Bring Back the Necessities and Toss Out Everything Else
This means, bring back the basics: Jesus, food, water, exercise, and sleep. No matter what stage you are in terms of parenting, the basics are vital. If your schedules are packed and you don’t get home until eight at night, sit down with your spouse. Decide what activities stay and what goes. Your children do not need ballet, soccer, basketball, and piano to be well-rounded, they need connection and down time with their parental units. This includes dinner at home around the table, even if it’s mac and cheese.
The same goes for sleep. It is the one thing I cannot give up. Even when my kids were little and wouldn’t all nap at the same time, I would drive around town until they feel asleep and I would park the van and do the same. I will never judge a mom I see snoozing in the grocery store parking lot. Get sleep when, where, and however you can.
Also, when it comes to destressing, I turn to Jesus and Jazzercise. Now that my kids are older, I can get up early to spend time soaking in his word and then I hit the studio to release all the tension, stress and aggression that life sometimes builds. This will look different for every mom and the stage she is in. If you’re chasing toddlers and newborns, find a way to get fresh air and a chance to focus your thoughts on Jesus.
Let Go of Guilt and Judgment
In the words of Elsa, “Let it go, let it go.” Let go of the guilt and judgement. These two culprits will trigger survival mode if we aren’t careful. Take stock of what you are doing well and thank God he’s given you the ability to do it. If guilt is keeping you awake at night, dig deeper. There is a big difference between guilt and conviction. If God is convicting you to stop scrolling through Instagram, then put down your phone and focus on the present.
As for judgment, there is so much incredible pressure on parents today. More specifically mothers. Is it any wonder that our culture wants to crush, control, and subdue us? We were the crown of creation before Eve took that fateful bite. Ever since, we’ve paid for it with our bodies, our souls, and our time. We’re told how to look, talk, dress. We’re told how to be a good mom while working a full-time job. We’re told we aren’t contributing to society if we choose to stay at home. We’re told our children will be failures if we don’t keep our house spotless, teach them three different languages and have them potty-trained by the time they’re two.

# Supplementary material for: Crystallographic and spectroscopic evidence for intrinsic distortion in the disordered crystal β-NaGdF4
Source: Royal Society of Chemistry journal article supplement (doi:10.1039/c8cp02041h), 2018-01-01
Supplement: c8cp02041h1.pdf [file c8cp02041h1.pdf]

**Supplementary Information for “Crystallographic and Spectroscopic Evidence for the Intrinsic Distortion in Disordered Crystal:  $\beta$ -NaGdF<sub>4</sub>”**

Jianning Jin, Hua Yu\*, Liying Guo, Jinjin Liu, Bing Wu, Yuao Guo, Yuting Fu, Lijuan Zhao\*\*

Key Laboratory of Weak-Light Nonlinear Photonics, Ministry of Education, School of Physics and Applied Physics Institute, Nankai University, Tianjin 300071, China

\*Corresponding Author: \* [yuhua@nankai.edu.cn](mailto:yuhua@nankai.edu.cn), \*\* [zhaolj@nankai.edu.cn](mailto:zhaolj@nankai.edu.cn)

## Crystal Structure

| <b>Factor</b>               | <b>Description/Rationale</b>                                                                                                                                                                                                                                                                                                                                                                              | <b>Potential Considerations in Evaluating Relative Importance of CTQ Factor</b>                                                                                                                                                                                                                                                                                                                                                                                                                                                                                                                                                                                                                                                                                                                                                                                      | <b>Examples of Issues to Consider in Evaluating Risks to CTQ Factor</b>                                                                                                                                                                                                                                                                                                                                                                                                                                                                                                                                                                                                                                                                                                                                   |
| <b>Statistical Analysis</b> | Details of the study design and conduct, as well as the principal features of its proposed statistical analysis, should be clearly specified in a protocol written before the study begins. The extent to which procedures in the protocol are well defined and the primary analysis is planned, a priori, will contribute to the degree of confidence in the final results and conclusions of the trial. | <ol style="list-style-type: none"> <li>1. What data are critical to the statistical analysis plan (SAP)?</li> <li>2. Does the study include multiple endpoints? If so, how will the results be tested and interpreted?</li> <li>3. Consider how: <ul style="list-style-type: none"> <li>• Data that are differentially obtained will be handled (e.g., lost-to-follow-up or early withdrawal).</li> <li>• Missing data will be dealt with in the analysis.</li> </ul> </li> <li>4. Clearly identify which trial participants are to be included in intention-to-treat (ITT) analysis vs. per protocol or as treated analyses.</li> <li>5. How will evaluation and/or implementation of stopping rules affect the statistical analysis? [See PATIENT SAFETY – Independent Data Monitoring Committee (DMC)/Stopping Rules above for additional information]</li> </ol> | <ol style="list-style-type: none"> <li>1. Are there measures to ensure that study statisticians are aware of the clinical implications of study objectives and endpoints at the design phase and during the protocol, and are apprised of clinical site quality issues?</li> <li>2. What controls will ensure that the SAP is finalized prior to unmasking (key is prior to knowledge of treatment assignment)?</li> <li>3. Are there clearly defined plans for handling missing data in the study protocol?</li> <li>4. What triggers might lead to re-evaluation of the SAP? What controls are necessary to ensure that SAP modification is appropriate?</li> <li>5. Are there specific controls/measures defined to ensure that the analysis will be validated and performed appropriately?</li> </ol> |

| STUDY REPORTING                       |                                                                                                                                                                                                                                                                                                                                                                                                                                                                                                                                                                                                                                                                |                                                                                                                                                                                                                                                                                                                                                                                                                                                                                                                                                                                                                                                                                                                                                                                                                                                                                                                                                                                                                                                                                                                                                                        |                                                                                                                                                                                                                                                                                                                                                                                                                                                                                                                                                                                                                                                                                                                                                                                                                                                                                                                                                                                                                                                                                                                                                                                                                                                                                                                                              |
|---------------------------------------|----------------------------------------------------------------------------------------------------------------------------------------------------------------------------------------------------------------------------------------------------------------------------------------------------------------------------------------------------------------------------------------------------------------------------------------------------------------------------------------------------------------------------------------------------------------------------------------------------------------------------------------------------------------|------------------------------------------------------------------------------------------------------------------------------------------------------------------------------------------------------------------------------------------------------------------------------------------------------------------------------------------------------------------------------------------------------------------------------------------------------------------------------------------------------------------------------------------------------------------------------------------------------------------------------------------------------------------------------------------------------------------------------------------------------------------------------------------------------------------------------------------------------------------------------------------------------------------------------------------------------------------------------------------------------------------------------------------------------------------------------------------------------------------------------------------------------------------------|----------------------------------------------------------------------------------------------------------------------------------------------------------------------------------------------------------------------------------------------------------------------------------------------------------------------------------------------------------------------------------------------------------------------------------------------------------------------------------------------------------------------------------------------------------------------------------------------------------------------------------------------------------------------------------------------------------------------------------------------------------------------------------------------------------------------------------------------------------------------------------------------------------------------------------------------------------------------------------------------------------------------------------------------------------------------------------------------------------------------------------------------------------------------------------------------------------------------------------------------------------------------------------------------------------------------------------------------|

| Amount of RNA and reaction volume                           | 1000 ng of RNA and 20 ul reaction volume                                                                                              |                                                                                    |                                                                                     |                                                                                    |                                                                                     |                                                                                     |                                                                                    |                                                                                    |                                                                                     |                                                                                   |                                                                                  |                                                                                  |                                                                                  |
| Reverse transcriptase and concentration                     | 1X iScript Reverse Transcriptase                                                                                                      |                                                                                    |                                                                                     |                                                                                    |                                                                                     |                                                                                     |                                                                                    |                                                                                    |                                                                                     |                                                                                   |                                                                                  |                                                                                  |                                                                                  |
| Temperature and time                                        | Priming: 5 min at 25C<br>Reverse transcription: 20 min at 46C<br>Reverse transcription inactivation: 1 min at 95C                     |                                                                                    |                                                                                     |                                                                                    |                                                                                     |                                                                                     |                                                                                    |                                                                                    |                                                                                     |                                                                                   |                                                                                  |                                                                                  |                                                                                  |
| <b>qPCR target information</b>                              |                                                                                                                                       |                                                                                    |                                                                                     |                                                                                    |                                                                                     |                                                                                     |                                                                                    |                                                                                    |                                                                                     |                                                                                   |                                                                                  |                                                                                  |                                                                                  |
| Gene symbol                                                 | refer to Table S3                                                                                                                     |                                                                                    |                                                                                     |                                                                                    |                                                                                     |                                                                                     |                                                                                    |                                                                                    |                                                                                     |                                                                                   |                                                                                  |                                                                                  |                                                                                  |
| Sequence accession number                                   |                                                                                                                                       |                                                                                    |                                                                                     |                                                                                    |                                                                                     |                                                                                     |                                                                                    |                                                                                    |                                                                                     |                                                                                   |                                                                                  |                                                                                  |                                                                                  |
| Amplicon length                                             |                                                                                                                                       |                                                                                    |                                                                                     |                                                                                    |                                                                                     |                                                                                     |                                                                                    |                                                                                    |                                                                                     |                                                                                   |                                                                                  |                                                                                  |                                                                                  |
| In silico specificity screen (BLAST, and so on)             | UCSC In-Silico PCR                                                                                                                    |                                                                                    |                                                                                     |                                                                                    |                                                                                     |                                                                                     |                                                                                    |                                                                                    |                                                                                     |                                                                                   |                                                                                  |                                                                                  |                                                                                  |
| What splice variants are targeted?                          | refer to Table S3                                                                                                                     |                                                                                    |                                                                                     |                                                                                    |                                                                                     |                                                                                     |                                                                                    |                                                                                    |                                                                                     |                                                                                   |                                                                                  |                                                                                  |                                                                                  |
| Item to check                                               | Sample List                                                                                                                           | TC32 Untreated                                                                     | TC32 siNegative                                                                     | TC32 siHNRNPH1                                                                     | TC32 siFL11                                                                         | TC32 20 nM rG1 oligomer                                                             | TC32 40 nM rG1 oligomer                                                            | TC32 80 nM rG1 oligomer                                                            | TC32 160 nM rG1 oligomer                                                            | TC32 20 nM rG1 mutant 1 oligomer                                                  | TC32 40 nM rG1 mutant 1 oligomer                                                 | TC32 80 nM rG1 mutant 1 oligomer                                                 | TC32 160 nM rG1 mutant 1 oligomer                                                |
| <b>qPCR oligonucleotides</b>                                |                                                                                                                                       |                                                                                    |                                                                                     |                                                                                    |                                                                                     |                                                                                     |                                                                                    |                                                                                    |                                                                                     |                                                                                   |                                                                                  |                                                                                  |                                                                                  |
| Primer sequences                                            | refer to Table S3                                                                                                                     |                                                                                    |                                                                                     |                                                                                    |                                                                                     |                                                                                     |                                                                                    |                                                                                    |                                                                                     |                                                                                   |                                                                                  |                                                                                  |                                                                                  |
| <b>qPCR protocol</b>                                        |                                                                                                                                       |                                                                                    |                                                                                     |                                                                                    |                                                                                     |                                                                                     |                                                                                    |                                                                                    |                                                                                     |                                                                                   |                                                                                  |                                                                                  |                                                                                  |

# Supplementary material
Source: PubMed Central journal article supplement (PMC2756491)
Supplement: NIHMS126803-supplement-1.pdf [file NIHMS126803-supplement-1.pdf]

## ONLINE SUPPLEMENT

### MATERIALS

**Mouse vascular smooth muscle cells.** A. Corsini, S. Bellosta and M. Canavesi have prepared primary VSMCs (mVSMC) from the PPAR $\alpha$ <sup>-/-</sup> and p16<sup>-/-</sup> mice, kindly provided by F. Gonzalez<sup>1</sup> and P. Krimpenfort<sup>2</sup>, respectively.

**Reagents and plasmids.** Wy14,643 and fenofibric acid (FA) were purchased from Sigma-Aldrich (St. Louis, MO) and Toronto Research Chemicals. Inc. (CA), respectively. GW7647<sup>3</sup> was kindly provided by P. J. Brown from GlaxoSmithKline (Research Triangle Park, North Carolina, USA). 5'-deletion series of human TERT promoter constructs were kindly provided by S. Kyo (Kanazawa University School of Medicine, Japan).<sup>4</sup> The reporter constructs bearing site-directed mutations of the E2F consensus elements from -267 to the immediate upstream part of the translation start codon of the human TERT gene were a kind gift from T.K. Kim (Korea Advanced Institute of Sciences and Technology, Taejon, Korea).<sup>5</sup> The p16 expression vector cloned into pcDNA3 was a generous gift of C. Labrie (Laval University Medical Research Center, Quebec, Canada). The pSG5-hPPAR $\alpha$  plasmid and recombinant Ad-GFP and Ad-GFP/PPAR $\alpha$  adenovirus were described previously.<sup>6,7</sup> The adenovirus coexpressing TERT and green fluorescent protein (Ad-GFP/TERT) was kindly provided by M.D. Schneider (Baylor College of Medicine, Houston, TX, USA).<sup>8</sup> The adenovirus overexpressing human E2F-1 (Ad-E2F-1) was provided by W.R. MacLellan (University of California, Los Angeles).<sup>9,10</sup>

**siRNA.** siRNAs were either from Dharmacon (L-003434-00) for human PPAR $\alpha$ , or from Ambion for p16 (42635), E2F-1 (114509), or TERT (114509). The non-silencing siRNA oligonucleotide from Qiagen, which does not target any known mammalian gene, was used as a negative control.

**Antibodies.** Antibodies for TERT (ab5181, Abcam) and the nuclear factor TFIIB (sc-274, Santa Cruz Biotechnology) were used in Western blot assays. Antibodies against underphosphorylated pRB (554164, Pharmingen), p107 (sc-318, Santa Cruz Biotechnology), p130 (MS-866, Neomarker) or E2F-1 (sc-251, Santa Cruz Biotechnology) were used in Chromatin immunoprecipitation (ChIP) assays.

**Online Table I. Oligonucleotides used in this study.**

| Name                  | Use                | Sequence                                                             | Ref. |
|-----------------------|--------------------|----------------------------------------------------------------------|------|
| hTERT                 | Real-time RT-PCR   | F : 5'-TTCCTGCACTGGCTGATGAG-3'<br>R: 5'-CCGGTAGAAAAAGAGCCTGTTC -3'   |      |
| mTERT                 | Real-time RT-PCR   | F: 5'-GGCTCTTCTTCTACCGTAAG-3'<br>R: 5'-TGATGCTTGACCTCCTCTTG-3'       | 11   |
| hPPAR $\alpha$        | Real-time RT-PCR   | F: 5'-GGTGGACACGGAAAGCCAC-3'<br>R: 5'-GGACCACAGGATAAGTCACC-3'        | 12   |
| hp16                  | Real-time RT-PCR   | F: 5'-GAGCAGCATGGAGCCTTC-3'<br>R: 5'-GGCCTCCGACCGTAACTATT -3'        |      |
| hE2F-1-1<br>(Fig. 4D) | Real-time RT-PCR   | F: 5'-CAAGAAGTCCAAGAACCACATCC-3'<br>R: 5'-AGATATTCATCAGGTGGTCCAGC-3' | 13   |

God did say:
To dress ourselves in strength and to make our arms strong. Proverbs 31:17
To be self-controlled, pure, working at home, kind, and honor our husbands. Titus 2:3-5
To love the Lord your God with all your heart and with all your soul and with all your might. Matthew 22:37
God did say for fathers:
To show compassion to his children. Psalm 103:13
To not provoke our kids to anger but bring them up in discipline and instruction of the Lord. Ephesians 6:4
To view children as a heritage and blessing from God. Psalm 127:3-5
Adjust Your Commitments and Expectations
This tip goes hand in hand with the previous two tips. The only commitment we have is to raise children to love the Lord with all their strength, soul, and minds. We are to train them up in the way our children should go, not what the latest trend and advice is on Facebook or Parenting magazine. Adjust your expectations. Yes, your child will challenge you. Yes, you will lose sleep. Yes, they will disobey and have meltdowns. And YES, hormones will turn your middle schoolers into cats who only come out of their rooms when they’re in search of food. On the flip side, you will also want to learn the art of saying, No.
No, you can’t meet up at the park because Elijah really does need to decompress. No, you can’t take on another work project if it prevents you from being home by five p.m. No, you are not signing your children up for any more activities because it would spend on family time. The precious word protects your sanity, your family, and your time.
Parenting is hard. It will push us in ways we never imagined. It will bend us until we break unless our roots are deeply rooted with the God who promises to sustain us. In the meantime, feed your soul and rely on the intuition God gave you to find what is right for you to get out of survival mode.
Photo credit: ©GettyImages/evgenyatamanenko
Heather Riggleman is an author, national speaker, former award-winning journalist and podcast co-host of the Moms Together Podcast. She calls Nebraska home with her three kids and a husband of 21 years. She believes Jazzercise, Jesus, and tacos can fix anything and not necessarily in that order! She is author of I Call Him By Name Bible Study, the Bold Truths Prayer Journal, Mama Needs a Time Out, and Let’s Talk About Prayer and a contributor to several books. Her work has been featured on Proverbs 31 Ministries, MOPS, Today's Christian Woman, and Focus On the Family. You can find her at www.heatherriggleman.com or on Facebook.